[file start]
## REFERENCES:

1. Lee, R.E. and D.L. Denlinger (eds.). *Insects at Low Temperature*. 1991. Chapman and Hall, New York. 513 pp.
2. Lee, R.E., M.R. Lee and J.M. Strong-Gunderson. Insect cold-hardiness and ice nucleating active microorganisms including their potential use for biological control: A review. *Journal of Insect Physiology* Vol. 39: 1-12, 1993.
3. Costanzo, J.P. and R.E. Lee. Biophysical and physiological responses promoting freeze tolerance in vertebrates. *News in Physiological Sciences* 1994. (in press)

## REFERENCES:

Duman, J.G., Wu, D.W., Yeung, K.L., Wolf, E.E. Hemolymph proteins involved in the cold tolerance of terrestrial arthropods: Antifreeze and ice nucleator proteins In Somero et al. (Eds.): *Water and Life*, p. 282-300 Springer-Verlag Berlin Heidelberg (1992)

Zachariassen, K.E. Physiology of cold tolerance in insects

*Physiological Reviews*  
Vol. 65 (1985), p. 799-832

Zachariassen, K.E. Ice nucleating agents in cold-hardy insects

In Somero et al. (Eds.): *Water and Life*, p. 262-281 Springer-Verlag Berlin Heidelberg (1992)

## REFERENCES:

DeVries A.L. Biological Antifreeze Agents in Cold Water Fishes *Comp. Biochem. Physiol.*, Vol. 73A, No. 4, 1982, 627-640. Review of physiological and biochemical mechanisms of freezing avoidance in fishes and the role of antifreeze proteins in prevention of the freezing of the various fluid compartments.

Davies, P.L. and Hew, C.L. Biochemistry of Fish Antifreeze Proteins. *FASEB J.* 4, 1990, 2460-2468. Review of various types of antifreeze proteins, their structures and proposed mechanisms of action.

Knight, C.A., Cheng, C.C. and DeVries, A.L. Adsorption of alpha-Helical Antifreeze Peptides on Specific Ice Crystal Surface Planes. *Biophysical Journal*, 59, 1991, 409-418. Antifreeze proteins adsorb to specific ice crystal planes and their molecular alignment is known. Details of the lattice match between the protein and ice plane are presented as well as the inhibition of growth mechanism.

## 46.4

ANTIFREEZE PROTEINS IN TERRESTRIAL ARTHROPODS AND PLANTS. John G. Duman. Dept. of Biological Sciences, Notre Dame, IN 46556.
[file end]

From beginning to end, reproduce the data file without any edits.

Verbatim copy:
## REFERENCES:

1. Lee, R.E. and D.L. Denlinger (eds.). *Insects at Low Temperature*. 1991. Chapman and Hall, New York. 513 pp.
2. Lee, R.E., M.R. Lee and J.M. Strong-Gunderson. Insect cold-hardiness and ice nucleating active microorganisms including their potential use for biological control: A review. *Journal of Insect Physiology* Vol. 39: 1-12, 1993.
3. Costanzo, J.P. and R.E. Lee. Biophysical and physiological responses promoting freeze tolerance in vertebrates. *News in Physiological Sciences* 1994. (in press)

## REFERENCES:

Duman, J.G., Wu, D.W., Yeung, K.L., Wolf, E.E. Hemolymph proteins involved in the cold tolerance of terrestrial arthropods: Antifreeze and ice nucleator proteins In Somero et al. (Eds.): *Water and Life*, p. 282-300 Springer-Verlag Berlin Heidelberg (1992)

Zachariassen, K.E. Physiology of cold tolerance in insects

*Physiological Reviews*  
Vol. 65 (1985), p. 799-832

Zachariassen, K.E. Ice nucleating agents in cold-hardy insects

In Somero et al. (Eds.): *Water and Life*, p. 262-281 Springer-Verlag Berlin Heidelberg (1992)

## REFERENCES:

DeVries A.L. Biological Antifreeze Agents in Cold Water Fishes *Comp. Biochem. Physiol.*, Vol. 73A, No. 4, 1982, 627-640. Review of physiological and biochemical mechanisms of freezing avoidance in fishes and the role of antifreeze proteins in prevention of the freezing of the various fluid compartments.

Davies, P.L. and Hew, C.L. Biochemistry of Fish Antifreeze Proteins. *FASEB J.* 4, 1990, 2460-2468. Review of various types of antifreeze proteins, their structures and proposed mechanisms of action.

Knight, C.A., Cheng, C.C. and DeVries, A.L. Adsorption of alpha-Helical Antifreeze Peptides on Specific Ice Crystal Surface Planes. *Biophysical Journal*, 59, 1991, 409-418. Antifreeze proteins adsorb to specific ice crystal planes and their molecular alignment is known. Details of the lattice match between the protein and ice plane are presented as well as the inhibition of growth mechanism.

## 46.4

ANTIFREEZE PROTEINS IN TERRESTRIAL ARTHROPODS AND PLANTS. John G. Duman. Dept. of Biological Sciences, Notre Dame, IN 46556.